Stubbs and the Politics of Nature

Posted in journal articles, Member News by Editor on May 26, 2010

Recently published in The Oxford Art Journal:

Douglas Fordham, “George Stubbs’s Zoon Politikon,” Oxford Art Journal 33 (March 2010): 1-23.

Abstract: Returning to Alex Potts’s assertion that Georgian animal paintings were conceived ‘as extensions of the social world’, this essay examines two unprecedented canvases that George Stubbs painted for the Second Marquess of Rockingham in the 1760s. I argue that the massive Lion Attacking a Stag and Lion Attacking a Horse are richly coded allegories, in the sense articulated by Walter Benjamin in The Origin of German Tragic Drama, which combine iconographic codes from heraldry, the aristocratic menagerie, thoroughbred breeding, oppositional satire, and Enlightenment science to produce a unique form of ‘heraldic naturalism’. Through a reconstruction of Rockingham’s politics as well as the room in his London townhouse where the paintings were displayed, this article attempts to recover the political implications of George Stubbs’s ‘natural order’ as well as its relation to Edmund Burke’s sublime aesthetic ideology. Ultimately, this article argues that the Rockingham lions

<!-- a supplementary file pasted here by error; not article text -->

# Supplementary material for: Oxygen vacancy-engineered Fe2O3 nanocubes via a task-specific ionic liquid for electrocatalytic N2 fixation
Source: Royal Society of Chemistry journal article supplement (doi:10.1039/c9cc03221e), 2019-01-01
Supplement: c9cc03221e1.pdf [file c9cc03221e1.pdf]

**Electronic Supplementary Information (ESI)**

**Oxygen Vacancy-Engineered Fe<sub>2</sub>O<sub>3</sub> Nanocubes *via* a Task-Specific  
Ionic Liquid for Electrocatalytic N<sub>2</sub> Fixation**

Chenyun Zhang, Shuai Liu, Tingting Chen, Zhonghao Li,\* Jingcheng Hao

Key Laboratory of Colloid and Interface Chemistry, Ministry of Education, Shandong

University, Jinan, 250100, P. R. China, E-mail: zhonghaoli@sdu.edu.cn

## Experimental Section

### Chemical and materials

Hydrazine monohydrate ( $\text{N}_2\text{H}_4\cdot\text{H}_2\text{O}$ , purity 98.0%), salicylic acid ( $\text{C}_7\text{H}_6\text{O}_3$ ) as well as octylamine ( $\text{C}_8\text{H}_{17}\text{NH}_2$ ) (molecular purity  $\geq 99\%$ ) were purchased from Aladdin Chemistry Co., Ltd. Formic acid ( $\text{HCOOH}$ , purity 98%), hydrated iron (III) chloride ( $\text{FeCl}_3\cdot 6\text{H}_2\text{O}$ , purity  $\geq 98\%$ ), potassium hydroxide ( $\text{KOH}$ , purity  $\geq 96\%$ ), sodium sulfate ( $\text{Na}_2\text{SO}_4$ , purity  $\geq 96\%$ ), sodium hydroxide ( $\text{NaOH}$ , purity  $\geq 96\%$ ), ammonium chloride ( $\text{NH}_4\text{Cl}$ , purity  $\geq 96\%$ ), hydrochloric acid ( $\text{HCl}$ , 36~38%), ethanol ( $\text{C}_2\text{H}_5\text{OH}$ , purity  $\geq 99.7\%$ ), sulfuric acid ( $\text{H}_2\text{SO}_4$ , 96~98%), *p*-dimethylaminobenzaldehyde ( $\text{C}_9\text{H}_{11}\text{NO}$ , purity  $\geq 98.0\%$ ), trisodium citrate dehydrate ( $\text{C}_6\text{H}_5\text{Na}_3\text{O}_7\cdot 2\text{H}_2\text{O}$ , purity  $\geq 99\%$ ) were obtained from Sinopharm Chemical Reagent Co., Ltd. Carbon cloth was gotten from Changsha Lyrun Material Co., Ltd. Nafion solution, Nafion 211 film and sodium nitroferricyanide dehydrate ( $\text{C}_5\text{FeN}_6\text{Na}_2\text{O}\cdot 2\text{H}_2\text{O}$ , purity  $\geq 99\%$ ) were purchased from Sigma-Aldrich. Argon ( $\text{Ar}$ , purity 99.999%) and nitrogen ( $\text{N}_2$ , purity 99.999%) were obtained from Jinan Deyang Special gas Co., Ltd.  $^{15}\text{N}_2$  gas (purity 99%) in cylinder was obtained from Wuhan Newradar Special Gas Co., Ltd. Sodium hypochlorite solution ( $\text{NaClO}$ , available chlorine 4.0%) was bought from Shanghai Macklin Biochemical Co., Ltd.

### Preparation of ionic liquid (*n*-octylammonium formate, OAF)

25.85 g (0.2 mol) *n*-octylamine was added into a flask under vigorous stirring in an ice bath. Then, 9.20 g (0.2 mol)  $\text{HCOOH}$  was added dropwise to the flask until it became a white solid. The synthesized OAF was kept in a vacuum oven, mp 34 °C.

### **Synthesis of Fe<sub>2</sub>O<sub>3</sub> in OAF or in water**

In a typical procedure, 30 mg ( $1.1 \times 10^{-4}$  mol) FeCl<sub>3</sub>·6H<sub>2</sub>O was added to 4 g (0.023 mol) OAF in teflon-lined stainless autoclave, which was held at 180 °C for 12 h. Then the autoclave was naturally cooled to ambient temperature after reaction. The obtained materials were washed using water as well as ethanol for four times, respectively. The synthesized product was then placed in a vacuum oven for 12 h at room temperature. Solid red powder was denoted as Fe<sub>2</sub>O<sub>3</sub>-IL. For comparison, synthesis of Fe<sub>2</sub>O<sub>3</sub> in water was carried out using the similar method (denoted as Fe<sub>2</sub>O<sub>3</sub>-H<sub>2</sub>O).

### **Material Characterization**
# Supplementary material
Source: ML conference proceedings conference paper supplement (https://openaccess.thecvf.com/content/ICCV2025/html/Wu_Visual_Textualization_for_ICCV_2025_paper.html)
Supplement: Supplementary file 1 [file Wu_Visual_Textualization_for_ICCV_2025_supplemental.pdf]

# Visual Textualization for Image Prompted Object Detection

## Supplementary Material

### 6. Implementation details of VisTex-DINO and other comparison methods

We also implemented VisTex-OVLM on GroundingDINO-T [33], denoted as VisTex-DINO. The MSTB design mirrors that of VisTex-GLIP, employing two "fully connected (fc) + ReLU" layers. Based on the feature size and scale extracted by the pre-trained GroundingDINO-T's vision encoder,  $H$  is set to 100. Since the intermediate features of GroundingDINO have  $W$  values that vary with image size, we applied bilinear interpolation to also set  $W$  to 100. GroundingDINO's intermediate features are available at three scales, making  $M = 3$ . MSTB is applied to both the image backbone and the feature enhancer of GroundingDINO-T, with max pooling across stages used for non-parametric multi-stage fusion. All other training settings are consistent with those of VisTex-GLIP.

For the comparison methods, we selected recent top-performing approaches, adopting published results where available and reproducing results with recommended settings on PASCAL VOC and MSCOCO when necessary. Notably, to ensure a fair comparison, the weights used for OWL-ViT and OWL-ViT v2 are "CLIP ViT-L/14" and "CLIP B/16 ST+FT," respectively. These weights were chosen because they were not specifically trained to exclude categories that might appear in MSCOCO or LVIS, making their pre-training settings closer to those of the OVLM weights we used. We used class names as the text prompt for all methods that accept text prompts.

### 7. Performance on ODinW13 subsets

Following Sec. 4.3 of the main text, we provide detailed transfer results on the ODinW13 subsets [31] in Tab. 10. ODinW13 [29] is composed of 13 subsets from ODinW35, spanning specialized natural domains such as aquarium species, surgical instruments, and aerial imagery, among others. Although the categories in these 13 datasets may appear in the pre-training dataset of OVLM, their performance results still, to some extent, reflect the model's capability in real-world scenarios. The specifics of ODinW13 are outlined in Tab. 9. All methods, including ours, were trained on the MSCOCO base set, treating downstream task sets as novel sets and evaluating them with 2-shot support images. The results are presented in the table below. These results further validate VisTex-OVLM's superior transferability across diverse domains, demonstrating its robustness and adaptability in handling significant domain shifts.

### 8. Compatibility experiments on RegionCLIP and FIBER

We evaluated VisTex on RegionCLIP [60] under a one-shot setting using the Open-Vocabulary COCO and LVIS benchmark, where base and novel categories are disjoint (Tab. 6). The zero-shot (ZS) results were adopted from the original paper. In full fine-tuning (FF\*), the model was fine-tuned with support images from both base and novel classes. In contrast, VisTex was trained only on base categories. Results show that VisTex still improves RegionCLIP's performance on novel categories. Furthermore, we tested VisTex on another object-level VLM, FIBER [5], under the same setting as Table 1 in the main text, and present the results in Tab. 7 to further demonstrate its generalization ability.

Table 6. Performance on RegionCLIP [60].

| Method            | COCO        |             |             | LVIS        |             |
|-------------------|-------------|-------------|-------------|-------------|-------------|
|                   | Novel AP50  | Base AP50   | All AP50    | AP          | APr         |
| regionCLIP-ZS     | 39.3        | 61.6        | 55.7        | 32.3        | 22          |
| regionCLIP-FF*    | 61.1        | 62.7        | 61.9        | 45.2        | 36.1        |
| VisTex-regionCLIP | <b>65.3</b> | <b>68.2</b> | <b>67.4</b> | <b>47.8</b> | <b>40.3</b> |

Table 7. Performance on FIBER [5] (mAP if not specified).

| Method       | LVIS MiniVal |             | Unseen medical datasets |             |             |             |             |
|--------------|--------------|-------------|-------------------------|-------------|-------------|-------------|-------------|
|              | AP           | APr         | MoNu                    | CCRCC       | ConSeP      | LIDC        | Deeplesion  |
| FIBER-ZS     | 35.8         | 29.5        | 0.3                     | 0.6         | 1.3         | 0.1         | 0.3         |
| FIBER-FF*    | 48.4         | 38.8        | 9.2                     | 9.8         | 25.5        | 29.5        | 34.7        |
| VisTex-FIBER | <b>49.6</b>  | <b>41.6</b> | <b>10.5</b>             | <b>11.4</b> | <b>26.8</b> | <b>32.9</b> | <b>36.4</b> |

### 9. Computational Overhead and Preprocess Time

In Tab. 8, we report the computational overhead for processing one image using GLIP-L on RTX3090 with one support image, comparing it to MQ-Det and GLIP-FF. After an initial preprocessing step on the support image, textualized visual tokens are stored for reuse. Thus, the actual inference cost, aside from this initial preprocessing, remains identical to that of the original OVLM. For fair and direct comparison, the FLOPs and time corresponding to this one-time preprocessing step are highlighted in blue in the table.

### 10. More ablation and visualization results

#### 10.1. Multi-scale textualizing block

naturalize the claims of landed authority through an innovative response
to immediate domestic and imperial pressures.

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